Listening to a recent interview of Marshall Goldsmith about the limits of empathy reminded me of how critically important this pillar of leadership really is. He talked about different types of empathy and how the benefits of each also have downside risks if leaders are not careful in how they apply them.
Among other quotes Goldsmith offered was one from Allen Mulally, former CEO of Ford. Mulally has said, "for the great achiever it may be all about me, but for the great leader, it is all about them." This quote is useful in many contexts, but Goldsmith offered it as a caution about how leaders use their authenticity or demonstrate empathy for the wrong reasons. Being authentic with your teams -- demonstrating trust in them by transparently offering some part of yourself -- is critical to establishing an environment of emotional and psychological safety. But 'oversharing,' or sharing gratuitous details as a form of personal catharsis, just to get something off your chest, is a selfish form of authenticity. Oversharing doesn't benefit the team or the culture you're trying to create, it only benefits you.
Likewise, it is critically important to understand and use empathy in your leadership, but you have to appreciate the why of it, as well as the how. Empathy is a tool to help you connect with another person. In doing so, your understanding and appreciation of their position is increased, but your words and actions should also have an effect on them. Goldsmith gave a powerful example of an inappropriate use of empathy when he talked about visiting a children's hospital working to treat pediatric cancers. Children were scared and suffering, in various stages of treatment. It was a heartbreaking scene and understanding their pain, fear, and uncertainty is valuable in making connections with them. But demonstrably reflecting those feelings by crying and lamenting their condition would, in many cases, only fracture a delicate emotional balance. The children needed and wanted to be reminded that they are still children, not just the disease that is killing them, and demonstrating emotional empathy in that instance only makes you feel connected to them but may undermine their feelings and make them feel less connected to you. In that instance, your demonstrated empathy is for you, not them.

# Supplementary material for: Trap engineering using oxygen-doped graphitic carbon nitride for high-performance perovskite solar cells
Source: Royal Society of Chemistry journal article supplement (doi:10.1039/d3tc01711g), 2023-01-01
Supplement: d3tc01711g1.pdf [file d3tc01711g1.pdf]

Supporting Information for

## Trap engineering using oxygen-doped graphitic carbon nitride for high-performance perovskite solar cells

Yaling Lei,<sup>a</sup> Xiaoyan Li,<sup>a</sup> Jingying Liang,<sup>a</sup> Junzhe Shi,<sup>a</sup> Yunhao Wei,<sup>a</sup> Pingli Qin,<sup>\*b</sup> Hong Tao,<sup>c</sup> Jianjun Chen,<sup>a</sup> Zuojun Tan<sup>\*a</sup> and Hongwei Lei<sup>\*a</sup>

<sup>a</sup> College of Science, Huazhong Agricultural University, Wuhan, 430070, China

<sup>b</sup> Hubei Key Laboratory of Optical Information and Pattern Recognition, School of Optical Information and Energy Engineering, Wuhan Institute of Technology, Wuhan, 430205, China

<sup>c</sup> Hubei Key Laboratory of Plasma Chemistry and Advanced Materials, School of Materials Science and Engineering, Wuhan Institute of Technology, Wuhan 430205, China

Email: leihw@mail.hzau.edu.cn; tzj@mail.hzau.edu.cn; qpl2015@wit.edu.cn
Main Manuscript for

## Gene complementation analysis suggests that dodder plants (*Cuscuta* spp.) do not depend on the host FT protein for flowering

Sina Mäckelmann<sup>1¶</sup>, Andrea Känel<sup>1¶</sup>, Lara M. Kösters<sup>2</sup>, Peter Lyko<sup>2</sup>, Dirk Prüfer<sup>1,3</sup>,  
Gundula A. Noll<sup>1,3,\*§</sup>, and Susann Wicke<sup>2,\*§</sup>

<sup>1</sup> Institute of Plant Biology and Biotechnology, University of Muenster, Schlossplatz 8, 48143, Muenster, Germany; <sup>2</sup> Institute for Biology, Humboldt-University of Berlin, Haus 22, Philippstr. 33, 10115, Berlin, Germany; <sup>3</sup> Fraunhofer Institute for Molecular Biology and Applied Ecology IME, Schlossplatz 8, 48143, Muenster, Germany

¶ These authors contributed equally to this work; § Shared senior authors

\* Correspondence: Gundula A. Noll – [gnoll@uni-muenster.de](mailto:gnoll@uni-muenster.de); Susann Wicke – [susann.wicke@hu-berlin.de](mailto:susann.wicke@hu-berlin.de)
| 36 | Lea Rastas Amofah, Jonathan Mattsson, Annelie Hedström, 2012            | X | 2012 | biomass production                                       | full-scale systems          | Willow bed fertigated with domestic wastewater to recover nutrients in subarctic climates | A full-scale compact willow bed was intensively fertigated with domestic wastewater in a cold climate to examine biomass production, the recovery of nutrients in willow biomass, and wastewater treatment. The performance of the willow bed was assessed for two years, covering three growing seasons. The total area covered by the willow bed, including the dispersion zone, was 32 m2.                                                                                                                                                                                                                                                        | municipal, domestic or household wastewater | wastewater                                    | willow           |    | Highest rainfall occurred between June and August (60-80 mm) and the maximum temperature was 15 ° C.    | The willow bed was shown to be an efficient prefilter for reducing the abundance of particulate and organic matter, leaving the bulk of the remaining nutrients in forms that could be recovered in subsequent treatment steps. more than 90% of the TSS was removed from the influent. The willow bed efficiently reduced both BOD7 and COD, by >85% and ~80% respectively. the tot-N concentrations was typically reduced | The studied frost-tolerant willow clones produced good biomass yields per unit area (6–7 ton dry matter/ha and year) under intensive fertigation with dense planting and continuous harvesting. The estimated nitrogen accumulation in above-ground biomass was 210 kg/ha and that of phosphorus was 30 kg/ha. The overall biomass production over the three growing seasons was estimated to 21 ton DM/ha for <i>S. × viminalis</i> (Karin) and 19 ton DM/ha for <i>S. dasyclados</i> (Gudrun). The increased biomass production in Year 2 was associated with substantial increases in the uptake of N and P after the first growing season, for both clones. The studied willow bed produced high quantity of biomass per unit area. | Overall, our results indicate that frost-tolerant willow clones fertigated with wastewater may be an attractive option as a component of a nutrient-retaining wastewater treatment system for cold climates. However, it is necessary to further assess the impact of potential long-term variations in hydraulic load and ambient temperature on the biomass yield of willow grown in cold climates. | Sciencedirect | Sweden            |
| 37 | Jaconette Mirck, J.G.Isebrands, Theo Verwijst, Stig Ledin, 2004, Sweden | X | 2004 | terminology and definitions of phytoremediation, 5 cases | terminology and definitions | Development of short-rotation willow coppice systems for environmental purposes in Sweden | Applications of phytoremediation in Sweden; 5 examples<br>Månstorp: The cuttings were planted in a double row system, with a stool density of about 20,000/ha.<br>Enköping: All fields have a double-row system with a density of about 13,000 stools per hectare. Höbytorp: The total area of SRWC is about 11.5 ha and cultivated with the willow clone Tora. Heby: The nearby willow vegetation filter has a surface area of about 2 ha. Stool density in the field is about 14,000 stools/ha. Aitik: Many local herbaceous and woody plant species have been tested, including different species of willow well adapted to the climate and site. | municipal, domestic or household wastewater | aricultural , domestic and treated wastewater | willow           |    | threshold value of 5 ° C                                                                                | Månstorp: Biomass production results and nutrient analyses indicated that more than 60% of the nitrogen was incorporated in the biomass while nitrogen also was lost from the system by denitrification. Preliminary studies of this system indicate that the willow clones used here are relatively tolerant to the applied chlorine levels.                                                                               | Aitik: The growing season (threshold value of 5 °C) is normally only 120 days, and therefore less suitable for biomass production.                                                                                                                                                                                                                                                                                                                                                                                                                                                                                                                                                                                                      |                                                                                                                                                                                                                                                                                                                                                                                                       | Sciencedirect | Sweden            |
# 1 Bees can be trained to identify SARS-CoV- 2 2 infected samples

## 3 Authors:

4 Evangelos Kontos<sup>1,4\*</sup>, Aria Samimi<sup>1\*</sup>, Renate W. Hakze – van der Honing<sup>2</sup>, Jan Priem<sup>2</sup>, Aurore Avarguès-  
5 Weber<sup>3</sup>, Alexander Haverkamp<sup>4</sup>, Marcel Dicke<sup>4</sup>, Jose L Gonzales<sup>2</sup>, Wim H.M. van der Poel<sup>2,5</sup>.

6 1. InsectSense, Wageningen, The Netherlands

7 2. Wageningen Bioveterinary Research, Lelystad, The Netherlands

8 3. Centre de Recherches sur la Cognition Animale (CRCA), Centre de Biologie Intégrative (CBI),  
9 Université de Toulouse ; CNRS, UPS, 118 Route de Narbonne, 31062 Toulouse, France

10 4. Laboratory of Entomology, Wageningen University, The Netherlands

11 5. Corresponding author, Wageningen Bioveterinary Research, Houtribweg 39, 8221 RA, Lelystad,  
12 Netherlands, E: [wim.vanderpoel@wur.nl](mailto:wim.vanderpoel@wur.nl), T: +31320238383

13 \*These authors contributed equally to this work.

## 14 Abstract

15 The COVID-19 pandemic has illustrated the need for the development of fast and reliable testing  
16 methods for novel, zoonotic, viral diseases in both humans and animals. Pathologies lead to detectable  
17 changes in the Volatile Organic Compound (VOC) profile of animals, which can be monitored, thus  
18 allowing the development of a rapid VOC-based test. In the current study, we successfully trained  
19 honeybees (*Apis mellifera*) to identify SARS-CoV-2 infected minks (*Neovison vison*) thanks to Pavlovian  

I will return to this idea of here for them vs. here for you in the future, but for now, remember that the empathy that helps you create emotionally connected, supportive teams can also undermine those connections if you're not careful.
Goldsmith's cautions about the dark side of empathy are useful, but they shouldn't scare us away from embracing empathy as a fundamental part of how we lead. As a profession (and like most people in leadership positions across industries), lawyers need to get better as using empathy at all before we start worrying about using it too much. Learning to appreciate others' experiences, perspectives, and motivations can go a long way to building the teams and culture our firms need to thrive in challenging times and competitive markets.